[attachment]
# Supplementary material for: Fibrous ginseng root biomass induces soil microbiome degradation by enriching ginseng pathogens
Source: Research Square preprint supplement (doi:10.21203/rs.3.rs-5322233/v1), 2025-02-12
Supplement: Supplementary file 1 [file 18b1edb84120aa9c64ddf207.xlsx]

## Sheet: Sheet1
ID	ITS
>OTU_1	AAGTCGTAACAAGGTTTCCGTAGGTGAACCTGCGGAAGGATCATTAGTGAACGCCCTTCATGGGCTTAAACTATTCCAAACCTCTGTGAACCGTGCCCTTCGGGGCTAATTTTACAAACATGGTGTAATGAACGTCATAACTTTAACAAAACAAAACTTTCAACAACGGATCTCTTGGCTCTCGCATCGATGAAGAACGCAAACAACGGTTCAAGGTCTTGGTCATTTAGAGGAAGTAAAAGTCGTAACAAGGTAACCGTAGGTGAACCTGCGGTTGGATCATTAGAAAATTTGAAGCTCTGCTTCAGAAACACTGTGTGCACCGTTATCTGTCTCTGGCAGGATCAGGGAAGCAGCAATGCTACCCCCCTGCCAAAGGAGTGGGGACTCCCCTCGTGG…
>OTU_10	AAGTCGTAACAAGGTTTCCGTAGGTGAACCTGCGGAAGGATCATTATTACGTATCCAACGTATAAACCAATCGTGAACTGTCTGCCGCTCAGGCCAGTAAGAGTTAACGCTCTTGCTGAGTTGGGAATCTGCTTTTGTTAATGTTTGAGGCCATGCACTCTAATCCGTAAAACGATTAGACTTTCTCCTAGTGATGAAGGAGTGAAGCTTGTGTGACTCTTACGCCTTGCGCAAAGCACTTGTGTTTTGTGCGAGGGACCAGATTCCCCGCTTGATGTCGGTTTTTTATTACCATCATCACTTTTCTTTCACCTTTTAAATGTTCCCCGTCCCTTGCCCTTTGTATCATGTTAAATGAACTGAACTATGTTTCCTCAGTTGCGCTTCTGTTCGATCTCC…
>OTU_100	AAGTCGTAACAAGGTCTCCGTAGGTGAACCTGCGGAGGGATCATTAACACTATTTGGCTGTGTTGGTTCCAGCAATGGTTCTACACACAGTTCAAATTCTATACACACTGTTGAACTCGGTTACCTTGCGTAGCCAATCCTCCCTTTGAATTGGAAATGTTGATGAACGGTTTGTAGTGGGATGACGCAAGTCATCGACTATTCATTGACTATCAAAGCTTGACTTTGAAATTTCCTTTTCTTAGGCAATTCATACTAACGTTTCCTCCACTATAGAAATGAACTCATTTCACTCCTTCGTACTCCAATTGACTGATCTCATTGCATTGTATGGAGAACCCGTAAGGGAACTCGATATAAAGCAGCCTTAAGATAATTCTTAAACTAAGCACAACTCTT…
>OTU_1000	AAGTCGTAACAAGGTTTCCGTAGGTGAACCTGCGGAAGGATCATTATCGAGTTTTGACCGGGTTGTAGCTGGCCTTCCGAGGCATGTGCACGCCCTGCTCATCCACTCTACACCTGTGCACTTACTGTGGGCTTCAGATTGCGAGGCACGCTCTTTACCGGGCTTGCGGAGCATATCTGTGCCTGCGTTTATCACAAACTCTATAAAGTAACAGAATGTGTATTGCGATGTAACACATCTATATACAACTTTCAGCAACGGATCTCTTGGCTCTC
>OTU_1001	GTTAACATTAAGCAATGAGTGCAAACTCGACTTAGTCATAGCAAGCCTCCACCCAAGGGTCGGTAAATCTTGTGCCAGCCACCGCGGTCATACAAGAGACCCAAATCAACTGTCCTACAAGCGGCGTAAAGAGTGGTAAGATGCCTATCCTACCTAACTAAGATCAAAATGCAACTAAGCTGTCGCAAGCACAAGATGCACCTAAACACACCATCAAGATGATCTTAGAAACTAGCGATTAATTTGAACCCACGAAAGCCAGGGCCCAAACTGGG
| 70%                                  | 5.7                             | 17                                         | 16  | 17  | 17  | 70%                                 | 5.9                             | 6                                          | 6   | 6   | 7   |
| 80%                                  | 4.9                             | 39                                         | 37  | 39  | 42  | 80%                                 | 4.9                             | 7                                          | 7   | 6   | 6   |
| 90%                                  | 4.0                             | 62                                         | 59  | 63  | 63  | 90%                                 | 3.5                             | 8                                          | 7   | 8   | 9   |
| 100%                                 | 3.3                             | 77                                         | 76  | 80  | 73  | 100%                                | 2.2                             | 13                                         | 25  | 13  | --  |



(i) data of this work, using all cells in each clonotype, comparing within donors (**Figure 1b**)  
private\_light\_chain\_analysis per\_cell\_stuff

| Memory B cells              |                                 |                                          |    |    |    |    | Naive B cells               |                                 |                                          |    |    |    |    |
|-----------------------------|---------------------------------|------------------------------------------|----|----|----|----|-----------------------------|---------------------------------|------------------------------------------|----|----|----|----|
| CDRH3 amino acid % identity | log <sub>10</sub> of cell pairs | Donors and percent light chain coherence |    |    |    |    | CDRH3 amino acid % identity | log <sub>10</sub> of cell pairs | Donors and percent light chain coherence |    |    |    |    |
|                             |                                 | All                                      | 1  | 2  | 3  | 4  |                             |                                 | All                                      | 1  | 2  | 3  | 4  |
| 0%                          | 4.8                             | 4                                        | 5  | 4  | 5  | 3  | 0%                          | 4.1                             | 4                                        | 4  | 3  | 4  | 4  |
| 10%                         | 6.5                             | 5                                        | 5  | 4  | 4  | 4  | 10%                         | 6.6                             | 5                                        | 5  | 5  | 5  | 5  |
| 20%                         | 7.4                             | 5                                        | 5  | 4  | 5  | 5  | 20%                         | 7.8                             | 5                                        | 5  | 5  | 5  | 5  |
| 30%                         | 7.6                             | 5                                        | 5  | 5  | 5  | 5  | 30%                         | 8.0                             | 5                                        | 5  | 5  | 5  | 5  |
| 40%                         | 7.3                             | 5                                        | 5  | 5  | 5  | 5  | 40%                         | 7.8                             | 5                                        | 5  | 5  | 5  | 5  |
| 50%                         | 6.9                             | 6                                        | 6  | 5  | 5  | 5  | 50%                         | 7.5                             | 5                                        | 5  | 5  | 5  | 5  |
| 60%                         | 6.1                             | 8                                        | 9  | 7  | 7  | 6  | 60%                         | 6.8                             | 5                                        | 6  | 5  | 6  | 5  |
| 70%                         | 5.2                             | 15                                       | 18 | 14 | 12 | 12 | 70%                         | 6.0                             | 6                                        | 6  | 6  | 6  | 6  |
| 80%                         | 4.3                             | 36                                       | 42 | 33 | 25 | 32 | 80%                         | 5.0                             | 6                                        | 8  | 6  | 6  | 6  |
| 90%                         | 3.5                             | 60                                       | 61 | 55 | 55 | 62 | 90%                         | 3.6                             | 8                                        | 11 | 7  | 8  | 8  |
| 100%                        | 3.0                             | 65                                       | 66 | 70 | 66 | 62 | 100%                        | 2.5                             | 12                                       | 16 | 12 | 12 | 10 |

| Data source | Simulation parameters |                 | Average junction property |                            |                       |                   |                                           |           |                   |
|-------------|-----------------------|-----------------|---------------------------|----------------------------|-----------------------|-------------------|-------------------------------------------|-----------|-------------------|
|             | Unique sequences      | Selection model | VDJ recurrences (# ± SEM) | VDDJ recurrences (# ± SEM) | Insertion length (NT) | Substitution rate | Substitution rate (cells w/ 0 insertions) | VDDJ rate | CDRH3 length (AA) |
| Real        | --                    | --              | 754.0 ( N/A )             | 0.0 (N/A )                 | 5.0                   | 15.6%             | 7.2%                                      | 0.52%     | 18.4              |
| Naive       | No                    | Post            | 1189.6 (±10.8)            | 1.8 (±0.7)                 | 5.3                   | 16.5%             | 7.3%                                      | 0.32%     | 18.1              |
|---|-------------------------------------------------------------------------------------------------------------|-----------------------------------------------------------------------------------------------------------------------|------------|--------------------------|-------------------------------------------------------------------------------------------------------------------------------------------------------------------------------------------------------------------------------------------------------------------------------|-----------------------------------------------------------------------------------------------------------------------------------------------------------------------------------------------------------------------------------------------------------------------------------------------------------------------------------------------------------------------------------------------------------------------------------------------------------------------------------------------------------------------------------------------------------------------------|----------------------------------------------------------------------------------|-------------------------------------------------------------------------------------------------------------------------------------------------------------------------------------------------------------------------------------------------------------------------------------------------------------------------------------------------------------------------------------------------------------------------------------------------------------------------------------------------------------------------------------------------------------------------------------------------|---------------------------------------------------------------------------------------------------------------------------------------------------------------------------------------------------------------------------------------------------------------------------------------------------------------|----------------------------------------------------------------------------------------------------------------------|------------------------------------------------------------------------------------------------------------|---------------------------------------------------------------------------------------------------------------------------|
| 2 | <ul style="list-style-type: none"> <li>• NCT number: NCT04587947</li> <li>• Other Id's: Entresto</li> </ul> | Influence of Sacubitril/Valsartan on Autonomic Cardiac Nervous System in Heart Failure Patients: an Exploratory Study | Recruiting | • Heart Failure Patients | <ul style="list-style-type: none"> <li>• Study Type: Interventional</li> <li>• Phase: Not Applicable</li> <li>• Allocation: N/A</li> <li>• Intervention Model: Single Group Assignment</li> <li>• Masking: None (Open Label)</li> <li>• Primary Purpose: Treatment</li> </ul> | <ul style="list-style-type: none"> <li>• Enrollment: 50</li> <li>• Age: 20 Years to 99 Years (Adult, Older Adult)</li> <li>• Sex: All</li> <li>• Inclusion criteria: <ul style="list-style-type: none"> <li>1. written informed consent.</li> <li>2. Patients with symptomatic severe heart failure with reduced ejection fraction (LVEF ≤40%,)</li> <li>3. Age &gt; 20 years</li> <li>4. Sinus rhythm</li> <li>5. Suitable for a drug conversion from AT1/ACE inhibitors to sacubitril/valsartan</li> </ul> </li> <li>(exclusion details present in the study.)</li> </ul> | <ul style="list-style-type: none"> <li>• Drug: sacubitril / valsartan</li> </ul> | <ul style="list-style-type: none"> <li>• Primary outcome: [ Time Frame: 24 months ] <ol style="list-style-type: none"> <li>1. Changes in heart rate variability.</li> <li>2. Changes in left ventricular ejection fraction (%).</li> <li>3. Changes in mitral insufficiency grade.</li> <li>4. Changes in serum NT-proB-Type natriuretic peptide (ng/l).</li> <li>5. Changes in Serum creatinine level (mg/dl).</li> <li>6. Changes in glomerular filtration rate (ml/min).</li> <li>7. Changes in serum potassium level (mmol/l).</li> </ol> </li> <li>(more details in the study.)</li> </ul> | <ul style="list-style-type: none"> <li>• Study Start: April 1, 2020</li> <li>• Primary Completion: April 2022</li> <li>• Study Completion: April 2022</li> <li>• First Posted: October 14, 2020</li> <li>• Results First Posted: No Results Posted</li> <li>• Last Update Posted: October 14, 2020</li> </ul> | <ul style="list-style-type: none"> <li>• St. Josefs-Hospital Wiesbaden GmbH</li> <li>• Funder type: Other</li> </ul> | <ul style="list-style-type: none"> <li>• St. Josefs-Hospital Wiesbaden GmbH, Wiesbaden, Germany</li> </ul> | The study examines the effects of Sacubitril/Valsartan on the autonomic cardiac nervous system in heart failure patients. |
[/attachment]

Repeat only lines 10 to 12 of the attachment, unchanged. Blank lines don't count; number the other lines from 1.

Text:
>OTU_1001	GTTAACATTAAGCAATGAGTGCAAACTCGACTTAGTCATAGCAAGCCTCCACCCAAGGGTCGGTAAATCTTGTGCCAGCCACCGCGGTCATACAAGAGACCCAAATCAACTGTCCTACAAGCGGCGTAAAGAGTGGTAAGATGCCTATCCTACCTAACTAAGATCAAAATGCAACTAAGCTGTCGCAAGCACAAGATGCACCTAAACACACCATCAAGATGATCTTAGAAACTAGCGATTAATTTGAACCCACGAAAGCCAGGGCCCAAACTGGG
| 70%                                  | 5.7                             | 17                                         | 16  | 17  | 17  | 70%                                 | 5.9                             | 6                                          | 6   | 6   | 7   |
| 80%                                  | 4.9                             | 39                                         | 37  | 39  | 42  | 80%                                 | 4.9                             | 7                                          | 7   | 6   | 6   |